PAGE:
This case represents the second inguinal pleomorphic RMS ever reported in the international literature [5
]. RMSs are a group of different pathobiologic entities linked by a common characteristic: to form neoplastic skeletal muscle. This is derived from biological forces related to aberrant transcription signals that lead to the production of myogenic proteins. These differing morphologic features were recognized in the mid-1900s by Horn and Enterline, who divided RMSs into embryonal, alveolar, botryoid, and pleomorphic subtypes [6
]. However, recent histologic and molecular studies led to the description of additional entities, such as spindle cell and anaplastic RMSs. Following further refinements of the original entities, using molecular biology, the International Classification of Rhabdomyosarcomas separated the histological subtypes according to their prognostic significance [6
]. As a consequence, botryoid and spindle cell RMSs were assigned to the superior-prognosis group, embryonal RMSs to the intermediate-prognosis group, and alveolar RMSs to the poor-prognosis group. However, pleomorphic RMSs were not included in this classification, as they concerned the paediatric population in which the pleomorphic subtype is a very rare entity [3
Pleomorphic RMSs occur predominately in middle-aged men (median age: 54–56 years) and are mostly located in the lower extremity. Less frequent sites of presentation are the abdomen, retroperitoneum, chest wall, spermatic cord/testes, upper extremity, mouth, and orbit [8
]. They typically have an aggressive clinical course, demonstrating an overall poor prognosis [8
Given the rarity of the disease and the lack of large prospective controlled studies, very few related data are available, deriving from studies with small numbers of patients. Furlong et al. [8
] reported 38 pleomorphic RMS cases (28 men and 10 women). These patients presented with a rapidly growing mass (with a median size of 6.9 cm) involving mainly the lower extremity. The response to treatment was rather poor as approximately 70% of the patients died of the disease within 20 months. The progression-free survival of 45% of these patients was reported to be 9 months. Gaffney et al. [9
] reported 11 pleomorphic RMS cases (10 men and 1 woman; median age: 56 years) with the thigh being the most common site of disease presentation. From the 8 cases that had clinical follow-up, 1 patient was alive 20 months after the initial diagnosis, whereas the remaining 7 patients had died 2–28 months following diagnosis.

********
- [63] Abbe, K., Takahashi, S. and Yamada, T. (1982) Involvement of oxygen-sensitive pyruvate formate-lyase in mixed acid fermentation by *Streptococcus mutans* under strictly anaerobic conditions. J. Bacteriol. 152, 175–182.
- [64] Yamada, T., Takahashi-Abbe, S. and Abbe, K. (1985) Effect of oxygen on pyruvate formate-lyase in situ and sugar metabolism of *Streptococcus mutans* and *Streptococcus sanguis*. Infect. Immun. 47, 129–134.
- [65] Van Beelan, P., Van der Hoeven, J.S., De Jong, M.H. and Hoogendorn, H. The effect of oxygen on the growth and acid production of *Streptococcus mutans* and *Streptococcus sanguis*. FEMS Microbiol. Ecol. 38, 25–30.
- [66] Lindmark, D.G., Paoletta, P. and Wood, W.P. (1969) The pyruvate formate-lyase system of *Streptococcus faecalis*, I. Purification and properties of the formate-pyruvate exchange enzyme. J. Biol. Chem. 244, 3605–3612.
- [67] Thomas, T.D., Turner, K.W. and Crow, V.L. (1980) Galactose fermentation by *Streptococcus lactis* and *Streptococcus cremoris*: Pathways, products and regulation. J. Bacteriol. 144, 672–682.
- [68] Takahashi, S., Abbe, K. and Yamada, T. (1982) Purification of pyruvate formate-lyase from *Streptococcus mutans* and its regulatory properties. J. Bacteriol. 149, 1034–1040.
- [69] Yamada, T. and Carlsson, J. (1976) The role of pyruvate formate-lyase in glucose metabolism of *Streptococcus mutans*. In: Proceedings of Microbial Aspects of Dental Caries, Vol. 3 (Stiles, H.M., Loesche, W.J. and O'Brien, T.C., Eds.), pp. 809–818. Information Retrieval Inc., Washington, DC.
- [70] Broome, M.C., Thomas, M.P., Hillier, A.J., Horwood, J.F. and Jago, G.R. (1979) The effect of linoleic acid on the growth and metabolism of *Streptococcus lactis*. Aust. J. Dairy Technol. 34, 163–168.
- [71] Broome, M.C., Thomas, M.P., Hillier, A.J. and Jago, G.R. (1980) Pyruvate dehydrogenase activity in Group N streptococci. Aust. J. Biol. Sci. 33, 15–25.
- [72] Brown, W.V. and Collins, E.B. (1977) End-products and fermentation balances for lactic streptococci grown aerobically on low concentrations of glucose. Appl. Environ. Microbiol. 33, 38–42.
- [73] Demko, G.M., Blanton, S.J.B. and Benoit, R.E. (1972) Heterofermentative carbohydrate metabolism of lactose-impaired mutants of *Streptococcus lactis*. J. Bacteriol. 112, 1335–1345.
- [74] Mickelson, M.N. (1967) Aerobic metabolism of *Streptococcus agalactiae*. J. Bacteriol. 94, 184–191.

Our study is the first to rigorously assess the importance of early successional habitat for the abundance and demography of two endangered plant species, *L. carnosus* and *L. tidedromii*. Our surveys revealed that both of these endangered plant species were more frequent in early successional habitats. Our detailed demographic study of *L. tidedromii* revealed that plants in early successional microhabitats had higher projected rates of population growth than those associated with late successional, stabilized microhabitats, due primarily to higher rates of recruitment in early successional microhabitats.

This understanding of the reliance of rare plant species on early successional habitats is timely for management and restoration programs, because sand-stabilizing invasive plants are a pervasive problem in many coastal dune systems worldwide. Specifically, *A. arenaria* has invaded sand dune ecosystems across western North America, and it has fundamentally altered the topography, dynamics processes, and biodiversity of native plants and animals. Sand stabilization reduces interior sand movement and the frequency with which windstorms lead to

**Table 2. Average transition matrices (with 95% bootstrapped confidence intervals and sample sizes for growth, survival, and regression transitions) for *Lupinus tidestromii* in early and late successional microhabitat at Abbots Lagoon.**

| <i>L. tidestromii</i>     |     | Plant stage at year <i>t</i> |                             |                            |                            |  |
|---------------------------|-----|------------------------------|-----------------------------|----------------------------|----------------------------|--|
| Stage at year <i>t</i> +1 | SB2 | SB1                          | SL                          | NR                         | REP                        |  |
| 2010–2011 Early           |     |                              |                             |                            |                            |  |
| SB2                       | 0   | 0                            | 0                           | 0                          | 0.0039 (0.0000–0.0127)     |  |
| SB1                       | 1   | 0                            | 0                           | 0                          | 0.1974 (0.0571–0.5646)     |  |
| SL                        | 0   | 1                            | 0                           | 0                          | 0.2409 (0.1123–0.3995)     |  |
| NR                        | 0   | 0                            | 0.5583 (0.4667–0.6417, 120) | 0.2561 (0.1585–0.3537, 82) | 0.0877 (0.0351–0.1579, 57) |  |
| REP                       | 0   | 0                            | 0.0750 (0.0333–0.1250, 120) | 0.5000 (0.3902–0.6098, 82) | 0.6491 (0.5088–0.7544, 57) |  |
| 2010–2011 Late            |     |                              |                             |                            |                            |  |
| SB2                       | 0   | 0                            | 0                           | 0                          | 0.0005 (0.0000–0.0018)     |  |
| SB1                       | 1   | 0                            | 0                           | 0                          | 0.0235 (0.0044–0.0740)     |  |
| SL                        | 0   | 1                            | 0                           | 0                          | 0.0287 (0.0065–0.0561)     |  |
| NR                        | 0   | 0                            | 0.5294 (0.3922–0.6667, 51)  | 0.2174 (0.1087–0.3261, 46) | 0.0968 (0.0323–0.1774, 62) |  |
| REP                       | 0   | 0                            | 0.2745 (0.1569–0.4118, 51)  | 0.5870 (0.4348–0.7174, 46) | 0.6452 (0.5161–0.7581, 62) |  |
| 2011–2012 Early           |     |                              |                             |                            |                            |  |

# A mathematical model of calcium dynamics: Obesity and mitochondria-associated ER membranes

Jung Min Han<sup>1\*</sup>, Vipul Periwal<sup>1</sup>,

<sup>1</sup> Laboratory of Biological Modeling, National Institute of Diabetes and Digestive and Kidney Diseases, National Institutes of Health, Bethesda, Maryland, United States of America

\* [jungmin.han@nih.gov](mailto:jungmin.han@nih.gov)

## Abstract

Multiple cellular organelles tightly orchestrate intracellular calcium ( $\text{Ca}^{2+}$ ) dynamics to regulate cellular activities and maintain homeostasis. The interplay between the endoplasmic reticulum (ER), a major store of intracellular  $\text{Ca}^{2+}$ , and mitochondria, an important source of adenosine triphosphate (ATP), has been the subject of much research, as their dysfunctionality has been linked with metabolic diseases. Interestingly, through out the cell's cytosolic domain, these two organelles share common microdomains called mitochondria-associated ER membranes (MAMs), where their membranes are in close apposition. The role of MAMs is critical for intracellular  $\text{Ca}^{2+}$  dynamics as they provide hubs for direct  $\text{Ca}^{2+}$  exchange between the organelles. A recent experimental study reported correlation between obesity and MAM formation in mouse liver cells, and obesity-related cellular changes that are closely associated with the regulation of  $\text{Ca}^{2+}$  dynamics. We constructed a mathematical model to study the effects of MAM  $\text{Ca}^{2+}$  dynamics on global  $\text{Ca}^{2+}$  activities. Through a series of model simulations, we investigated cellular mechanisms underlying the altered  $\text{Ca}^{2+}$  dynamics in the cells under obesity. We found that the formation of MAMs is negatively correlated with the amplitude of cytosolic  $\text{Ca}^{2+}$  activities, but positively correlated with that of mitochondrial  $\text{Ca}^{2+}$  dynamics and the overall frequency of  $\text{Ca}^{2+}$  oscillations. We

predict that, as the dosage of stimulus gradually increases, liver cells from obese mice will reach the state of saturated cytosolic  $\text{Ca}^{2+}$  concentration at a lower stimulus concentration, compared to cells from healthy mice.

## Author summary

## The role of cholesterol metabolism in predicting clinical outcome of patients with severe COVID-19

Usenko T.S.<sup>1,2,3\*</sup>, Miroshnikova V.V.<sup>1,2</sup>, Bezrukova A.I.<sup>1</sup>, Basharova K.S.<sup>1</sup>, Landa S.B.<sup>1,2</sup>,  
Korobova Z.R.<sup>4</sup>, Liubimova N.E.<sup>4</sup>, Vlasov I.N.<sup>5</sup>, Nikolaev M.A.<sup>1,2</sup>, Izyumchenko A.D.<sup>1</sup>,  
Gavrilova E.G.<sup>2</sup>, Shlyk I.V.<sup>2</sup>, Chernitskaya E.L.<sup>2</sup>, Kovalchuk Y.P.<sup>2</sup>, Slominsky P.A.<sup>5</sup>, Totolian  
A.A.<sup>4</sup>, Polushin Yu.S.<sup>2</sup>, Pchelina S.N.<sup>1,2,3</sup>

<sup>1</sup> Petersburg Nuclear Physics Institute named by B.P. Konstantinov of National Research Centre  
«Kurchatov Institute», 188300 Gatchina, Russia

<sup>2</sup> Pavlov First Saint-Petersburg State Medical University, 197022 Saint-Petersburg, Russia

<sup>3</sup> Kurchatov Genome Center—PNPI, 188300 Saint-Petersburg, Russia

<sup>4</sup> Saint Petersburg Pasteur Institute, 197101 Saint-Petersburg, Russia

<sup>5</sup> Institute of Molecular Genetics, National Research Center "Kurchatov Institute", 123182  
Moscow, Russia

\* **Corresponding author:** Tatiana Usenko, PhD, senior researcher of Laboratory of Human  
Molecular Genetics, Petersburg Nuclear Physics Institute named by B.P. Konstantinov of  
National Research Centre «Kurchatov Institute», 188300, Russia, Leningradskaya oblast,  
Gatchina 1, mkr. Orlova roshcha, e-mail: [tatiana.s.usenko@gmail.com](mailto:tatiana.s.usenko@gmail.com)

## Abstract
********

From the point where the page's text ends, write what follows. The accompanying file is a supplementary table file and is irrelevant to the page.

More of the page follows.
In the study by Ferrari et al. [2
], localized pleomorphic RMS was found in 37 patients (20% of the total RMS population), and complete surgical resection was possible for 74% of these patients (compared to 30% for other RMS histologic subtypes). Only 12 patients received chemotherapy. Overall, the 5-year event-free survival and overall survival rates were 29.9 and 53.4% for the pleomorphic RMSs compared to 32.9 and 45.7%, respectively, for the non-pleomorphic RMSs. However, these results correspond to the localized rather than the metastatic setting, which was the case in our patient. In the same study, it has been suggested that when the paediatric treatment guidelines are followed in adult patients, the response rates are comparable to those observed in children. According to the major conclusions derived from the meta-analysis of the Intergroup RMS Studies I–IV, VAC remains the standard regimen for patients with advanced disease [4
The underlying aetiology of the poor prognosis in this disease is not yet well understood. Reports regarding prognostic and predictive factors of adult pleomorphic RMS patients are very few and contradictory. Little et al. [10
] suggest that pleomorphic RMS is the most common RMS subtype in adults, accounting for 43% of the RMS population with locoregional disease. Pleomorphic RMSs were grouped and analyzed together with embryonal RMSs (a total of 63 patients) and did not show significant differences in terms of progression-free survival or overall survival compared to the alveolar subtype. Nevertheless, metastasis-free survival was slightly higher for the pleomorphic/embryonal group (58 vs. 32% for the alveolar group, p = 0.04). In another study, Joshi et al. [11
] reported that increasing age is a negative prognostic factor among children with RMSs.
On the other hand, a retrospective analysis from the Surveillance, Epidemiology and End Results database of 205 adults and 17 children with pleomorphic RMSs, which was recently published by Sultan et al. [3
], concluded that adult patients with pleomorphic RMSs demonstrate a worse prognosis, and that this is irrespective of the site of origin of the tumour or the histological subtype. It is noteworthy that there were exceptionally few children with pleomorphic RMSs in this database, and that these had a risk to die twice as high as adults (HR 3.73 vs.1.79, p < 0.001).